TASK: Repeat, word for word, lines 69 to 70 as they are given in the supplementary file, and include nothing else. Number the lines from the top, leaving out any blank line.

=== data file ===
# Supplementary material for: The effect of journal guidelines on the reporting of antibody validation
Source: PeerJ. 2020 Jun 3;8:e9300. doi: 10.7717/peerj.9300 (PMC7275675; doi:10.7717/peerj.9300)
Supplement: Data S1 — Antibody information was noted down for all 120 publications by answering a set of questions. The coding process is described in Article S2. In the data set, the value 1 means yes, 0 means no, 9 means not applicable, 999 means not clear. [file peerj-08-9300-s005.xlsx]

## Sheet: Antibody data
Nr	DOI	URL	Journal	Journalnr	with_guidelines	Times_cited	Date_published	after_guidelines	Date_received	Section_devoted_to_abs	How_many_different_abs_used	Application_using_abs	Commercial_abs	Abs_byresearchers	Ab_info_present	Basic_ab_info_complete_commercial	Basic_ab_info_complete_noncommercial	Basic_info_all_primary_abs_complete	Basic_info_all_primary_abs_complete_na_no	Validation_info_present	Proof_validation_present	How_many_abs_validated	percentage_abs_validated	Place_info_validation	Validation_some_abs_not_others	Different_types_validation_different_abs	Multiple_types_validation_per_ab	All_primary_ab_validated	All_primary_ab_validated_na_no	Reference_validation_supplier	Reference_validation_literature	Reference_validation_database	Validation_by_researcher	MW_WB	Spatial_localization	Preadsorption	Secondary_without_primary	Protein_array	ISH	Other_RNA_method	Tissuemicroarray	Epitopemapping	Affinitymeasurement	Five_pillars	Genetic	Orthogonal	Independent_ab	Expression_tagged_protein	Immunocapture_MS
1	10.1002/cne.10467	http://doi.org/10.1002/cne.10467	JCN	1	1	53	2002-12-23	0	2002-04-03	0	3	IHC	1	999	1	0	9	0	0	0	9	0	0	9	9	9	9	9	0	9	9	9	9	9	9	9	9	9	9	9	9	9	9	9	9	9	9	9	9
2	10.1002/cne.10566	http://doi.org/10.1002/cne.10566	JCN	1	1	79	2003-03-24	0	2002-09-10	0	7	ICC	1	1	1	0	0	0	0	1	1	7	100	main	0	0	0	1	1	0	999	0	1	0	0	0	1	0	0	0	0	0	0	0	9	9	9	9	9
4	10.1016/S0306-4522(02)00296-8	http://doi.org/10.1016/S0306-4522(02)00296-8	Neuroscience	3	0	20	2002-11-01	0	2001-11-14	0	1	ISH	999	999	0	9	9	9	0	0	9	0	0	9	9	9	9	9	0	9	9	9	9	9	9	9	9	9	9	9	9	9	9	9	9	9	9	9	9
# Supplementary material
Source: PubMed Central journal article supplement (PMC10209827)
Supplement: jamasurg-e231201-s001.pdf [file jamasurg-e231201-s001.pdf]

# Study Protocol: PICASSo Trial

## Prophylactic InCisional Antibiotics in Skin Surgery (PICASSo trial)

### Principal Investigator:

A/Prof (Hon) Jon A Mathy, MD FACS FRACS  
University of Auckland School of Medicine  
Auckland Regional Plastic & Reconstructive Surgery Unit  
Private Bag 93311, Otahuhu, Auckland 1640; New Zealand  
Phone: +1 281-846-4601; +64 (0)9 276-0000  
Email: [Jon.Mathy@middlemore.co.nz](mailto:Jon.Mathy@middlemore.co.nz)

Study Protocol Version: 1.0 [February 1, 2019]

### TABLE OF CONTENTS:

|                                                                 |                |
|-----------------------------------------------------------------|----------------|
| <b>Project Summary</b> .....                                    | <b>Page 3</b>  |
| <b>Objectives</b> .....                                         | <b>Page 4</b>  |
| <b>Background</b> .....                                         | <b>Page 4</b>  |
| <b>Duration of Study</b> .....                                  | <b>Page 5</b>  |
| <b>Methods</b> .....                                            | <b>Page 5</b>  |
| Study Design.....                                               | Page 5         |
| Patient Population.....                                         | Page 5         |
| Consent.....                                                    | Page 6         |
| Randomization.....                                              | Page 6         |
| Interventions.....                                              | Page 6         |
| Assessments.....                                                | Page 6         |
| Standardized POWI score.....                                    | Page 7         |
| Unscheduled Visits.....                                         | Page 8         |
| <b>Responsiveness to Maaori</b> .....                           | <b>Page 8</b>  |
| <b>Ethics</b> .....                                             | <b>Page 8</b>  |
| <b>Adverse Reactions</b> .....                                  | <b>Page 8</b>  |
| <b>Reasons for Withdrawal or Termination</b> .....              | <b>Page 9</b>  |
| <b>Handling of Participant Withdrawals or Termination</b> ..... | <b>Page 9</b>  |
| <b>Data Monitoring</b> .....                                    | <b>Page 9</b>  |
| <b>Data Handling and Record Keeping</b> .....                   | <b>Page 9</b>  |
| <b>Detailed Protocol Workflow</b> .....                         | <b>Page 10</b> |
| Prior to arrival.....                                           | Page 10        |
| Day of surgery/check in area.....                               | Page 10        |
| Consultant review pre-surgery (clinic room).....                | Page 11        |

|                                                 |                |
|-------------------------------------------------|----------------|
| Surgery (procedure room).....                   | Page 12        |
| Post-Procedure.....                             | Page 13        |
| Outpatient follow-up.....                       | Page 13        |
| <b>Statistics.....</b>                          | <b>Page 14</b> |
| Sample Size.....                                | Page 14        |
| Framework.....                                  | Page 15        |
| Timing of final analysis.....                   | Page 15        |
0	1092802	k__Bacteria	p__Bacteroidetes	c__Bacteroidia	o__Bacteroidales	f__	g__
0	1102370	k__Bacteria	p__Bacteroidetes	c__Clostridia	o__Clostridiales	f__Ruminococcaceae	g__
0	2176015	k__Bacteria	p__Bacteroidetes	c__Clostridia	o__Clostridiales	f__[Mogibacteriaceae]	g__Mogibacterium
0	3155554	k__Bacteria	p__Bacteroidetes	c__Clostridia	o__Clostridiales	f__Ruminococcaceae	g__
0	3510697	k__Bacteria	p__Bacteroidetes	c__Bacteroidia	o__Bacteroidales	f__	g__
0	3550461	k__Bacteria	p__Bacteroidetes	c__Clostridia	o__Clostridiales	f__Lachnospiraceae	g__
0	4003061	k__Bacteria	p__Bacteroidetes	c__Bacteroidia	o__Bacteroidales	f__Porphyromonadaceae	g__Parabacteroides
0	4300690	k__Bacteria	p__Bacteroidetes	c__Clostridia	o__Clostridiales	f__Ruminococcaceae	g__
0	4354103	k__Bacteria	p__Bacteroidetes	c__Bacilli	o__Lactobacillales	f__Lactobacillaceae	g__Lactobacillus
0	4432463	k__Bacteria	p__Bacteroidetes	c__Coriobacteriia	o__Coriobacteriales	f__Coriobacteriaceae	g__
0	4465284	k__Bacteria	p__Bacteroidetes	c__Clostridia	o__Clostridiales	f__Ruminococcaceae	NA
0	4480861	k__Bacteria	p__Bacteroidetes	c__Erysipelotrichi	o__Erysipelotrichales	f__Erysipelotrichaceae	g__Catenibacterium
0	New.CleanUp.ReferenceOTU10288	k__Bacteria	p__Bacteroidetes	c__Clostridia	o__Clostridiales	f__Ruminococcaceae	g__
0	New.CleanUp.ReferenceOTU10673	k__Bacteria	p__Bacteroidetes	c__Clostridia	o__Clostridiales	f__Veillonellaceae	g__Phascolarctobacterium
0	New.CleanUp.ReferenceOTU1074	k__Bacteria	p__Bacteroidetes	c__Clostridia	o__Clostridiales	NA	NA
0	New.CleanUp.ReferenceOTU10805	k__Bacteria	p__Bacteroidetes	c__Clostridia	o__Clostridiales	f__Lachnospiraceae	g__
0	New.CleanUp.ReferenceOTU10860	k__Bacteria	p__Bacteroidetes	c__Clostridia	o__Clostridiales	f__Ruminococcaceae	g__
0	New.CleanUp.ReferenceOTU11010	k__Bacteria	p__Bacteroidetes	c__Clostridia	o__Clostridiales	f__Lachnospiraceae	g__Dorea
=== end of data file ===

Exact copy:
0	4480861	k__Bacteria	p__Bacteroidetes	c__Erysipelotrichi	o__Erysipelotrichales	f__Erysipelotrichaceae	g__Catenibacterium
0	New.CleanUp.ReferenceOTU10288	k__Bacteria	p__Bacteroidetes	c__Clostridia	o__Clostridiales	f__Ruminococcaceae	g__